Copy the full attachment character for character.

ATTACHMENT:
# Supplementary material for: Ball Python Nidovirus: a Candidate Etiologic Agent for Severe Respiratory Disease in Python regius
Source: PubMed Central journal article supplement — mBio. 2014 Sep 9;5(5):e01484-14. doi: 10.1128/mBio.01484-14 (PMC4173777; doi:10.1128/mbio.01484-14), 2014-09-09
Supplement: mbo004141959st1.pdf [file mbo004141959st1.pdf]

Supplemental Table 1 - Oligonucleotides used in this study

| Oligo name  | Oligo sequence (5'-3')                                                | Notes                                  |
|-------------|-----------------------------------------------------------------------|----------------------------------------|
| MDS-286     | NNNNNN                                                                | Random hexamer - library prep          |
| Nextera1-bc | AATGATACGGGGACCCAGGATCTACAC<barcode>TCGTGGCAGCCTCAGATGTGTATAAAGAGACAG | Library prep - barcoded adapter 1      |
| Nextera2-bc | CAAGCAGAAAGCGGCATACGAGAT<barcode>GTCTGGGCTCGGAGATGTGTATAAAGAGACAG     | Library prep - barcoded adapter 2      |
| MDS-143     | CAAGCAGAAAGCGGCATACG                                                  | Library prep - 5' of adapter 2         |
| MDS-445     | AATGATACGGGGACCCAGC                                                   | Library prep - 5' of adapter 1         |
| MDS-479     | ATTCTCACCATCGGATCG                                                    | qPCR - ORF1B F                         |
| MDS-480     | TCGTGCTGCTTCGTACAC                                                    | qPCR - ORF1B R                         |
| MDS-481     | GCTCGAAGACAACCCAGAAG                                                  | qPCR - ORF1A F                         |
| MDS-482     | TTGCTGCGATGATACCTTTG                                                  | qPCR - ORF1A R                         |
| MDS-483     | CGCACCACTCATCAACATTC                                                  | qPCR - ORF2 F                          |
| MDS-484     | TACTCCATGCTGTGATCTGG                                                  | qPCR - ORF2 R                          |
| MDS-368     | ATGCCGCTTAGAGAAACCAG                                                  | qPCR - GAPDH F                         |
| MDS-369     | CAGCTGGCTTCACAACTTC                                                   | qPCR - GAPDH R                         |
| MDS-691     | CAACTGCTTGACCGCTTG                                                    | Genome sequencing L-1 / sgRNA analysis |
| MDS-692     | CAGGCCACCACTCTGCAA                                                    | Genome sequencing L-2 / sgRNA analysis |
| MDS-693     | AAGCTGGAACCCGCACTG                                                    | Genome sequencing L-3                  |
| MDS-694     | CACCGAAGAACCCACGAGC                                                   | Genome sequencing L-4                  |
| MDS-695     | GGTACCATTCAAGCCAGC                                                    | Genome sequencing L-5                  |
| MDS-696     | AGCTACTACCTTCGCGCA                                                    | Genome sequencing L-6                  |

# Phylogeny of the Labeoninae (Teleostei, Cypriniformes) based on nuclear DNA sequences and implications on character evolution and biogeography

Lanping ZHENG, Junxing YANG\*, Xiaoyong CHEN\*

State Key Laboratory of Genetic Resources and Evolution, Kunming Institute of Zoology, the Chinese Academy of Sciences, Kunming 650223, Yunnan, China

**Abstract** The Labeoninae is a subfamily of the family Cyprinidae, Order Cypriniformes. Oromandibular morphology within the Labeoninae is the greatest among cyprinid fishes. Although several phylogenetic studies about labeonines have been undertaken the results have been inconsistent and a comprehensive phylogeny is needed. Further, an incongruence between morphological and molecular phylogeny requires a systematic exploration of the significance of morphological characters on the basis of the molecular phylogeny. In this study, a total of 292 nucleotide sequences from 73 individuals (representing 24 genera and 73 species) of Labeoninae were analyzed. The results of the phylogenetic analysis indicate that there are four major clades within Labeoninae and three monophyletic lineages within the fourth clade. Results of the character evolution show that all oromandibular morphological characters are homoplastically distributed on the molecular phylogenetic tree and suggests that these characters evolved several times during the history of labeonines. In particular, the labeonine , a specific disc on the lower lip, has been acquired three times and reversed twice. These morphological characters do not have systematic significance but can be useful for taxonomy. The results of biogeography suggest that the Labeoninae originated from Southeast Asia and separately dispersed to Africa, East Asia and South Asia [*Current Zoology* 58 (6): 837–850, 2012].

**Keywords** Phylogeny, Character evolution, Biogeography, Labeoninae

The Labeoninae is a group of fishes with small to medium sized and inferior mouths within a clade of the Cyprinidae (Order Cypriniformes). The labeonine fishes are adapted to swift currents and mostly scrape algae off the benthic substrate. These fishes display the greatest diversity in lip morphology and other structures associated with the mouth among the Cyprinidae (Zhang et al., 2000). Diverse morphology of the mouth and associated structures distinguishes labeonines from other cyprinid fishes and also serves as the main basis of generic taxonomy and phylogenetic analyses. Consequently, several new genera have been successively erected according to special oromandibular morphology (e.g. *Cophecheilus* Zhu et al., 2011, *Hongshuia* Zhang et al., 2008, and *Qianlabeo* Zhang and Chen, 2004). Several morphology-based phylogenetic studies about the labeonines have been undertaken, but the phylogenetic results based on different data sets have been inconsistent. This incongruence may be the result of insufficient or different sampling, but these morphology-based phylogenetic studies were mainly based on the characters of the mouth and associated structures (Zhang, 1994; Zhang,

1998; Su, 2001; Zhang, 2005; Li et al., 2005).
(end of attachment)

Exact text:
# Supplementary material for: Ball Python Nidovirus: a Candidate Etiologic Agent for Severe Respiratory Disease in Python regius
Source: PubMed Central journal article supplement — mBio. 2014 Sep 9;5(5):e01484-14. doi: 10.1128/mBio.01484-14 (PMC4173777; doi:10.1128/mbio.01484-14), 2014-09-09
Supplement: mbo004141959st1.pdf [file mbo004141959st1.pdf]

Supplemental Table 1 - Oligonucleotides used in this study

| Oligo name  | Oligo sequence (5'-3')                                                | Notes                                  |
|-------------|-----------------------------------------------------------------------|----------------------------------------|
| MDS-286     | NNNNNN                                                                | Random hexamer - library prep          |
| Nextera1-bc | AATGATACGGGGACCCAGGATCTACAC<barcode>TCGTGGCAGCCTCAGATGTGTATAAAGAGACAG | Library prep - barcoded adapter 1      |
| Nextera2-bc | CAAGCAGAAAGCGGCATACGAGAT<barcode>GTCTGGGCTCGGAGATGTGTATAAAGAGACAG     | Library prep - barcoded adapter 2      |
| MDS-143     | CAAGCAGAAAGCGGCATACG                                                  | Library prep - 5' of adapter 2         |
| MDS-445     | AATGATACGGGGACCCAGC                                                   | Library prep - 5' of adapter 1         |
| MDS-479     | ATTCTCACCATCGGATCG                                                    | qPCR - ORF1B F                         |
| MDS-480     | TCGTGCTGCTTCGTACAC                                                    | qPCR - ORF1B R                         |
| MDS-481     | GCTCGAAGACAACCCAGAAG                                                  | qPCR - ORF1A F                         |
| MDS-482     | TTGCTGCGATGATACCTTTG                                                  | qPCR - ORF1A R                         |
| MDS-483     | CGCACCACTCATCAACATTC                                                  | qPCR - ORF2 F                          |
| MDS-484     | TACTCCATGCTGTGATCTGG                                                  | qPCR - ORF2 R                          |
| MDS-368     | ATGCCGCTTAGAGAAACCAG                                                  | qPCR - GAPDH F                         |
| MDS-369     | CAGCTGGCTTCACAACTTC                                                   | qPCR - GAPDH R                         |
| MDS-691     | CAACTGCTTGACCGCTTG                                                    | Genome sequencing L-1 / sgRNA analysis |
| MDS-692     | CAGGCCACCACTCTGCAA                                                    | Genome sequencing L-2 / sgRNA analysis |
| MDS-693     | AAGCTGGAACCCGCACTG                                                    | Genome sequencing L-3                  |
| MDS-694     | CACCGAAGAACCCACGAGC                                                   | Genome sequencing L-4                  |
| MDS-695     | GGTACCATTCAAGCCAGC                                                    | Genome sequencing L-5                  |
| MDS-696     | AGCTACTACCTTCGCGCA                                                    | Genome sequencing L-6                  |

# Phylogeny of the Labeoninae (Teleostei, Cypriniformes) based on nuclear DNA sequences and implications on character evolution and biogeography

Lanping ZHENG, Junxing YANG\*, Xiaoyong CHEN\*

State Key Laboratory of Genetic Resources and Evolution, Kunming Institute of Zoology, the Chinese Academy of Sciences, Kunming 650223, Yunnan, China

**Abstract** The Labeoninae is a subfamily of the family Cyprinidae, Order Cypriniformes. Oromandibular morphology within the Labeoninae is the greatest among cyprinid fishes. Although several phylogenetic studies about labeonines have been undertaken the results have been inconsistent and a comprehensive phylogeny is needed. Further, an incongruence between morphological and molecular phylogeny requires a systematic exploration of the significance of morphological characters on the basis of the molecular phylogeny. In this study, a total of 292 nucleotide sequences from 73 individuals (representing 24 genera and 73 species) of Labeoninae were analyzed. The results of the phylogenetic analysis indicate that there are four major clades within Labeoninae and three monophyletic lineages within the fourth clade. Results of the character evolution show that all oromandibular morphological characters are homoplastically distributed on the molecular phylogenetic tree and suggests that these characters evolved several times during the history of labeonines. In particular, the labeonine , a specific disc on the lower lip, has been acquired three times and reversed twice. These morphological characters do not have systematic significance but can be useful for taxonomy. The results of biogeography suggest that the Labeoninae originated from Southeast Asia and separately dispersed to Africa, East Asia and South Asia [*Current Zoology* 58 (6): 837–850, 2012].

**Keywords** Phylogeny, Character evolution, Biogeography, Labeoninae

The Labeoninae is a group of fishes with small to medium sized and inferior mouths within a clade of the Cyprinidae (Order Cypriniformes). The labeonine fishes are adapted to swift currents and mostly scrape algae off the benthic substrate. These fishes display the greatest diversity in lip morphology and other structures associated with the mouth among the Cyprinidae (Zhang et al., 2000). Diverse morphology of the mouth and associated structures distinguishes labeonines from other cyprinid fishes and also serves as the main basis of generic taxonomy and phylogenetic analyses. Consequently, several new genera have been successively erected according to special oromandibular morphology (e.g. *Cophecheilus* Zhu et al., 2011, *Hongshuia* Zhang et al., 2008, and *Qianlabeo* Zhang and Chen, 2004). Several morphology-based phylogenetic studies about the labeonines have been undertaken, but the phylogenetic results based on different data sets have been inconsistent. This incongruence may be the result of insufficient or different sampling, but these morphology-based phylogenetic studies were mainly based on the characters of the mouth and associated structures (Zhang, 1994; Zhang,

1998; Su, 2001; Zhang, 2005; Li et al., 2005).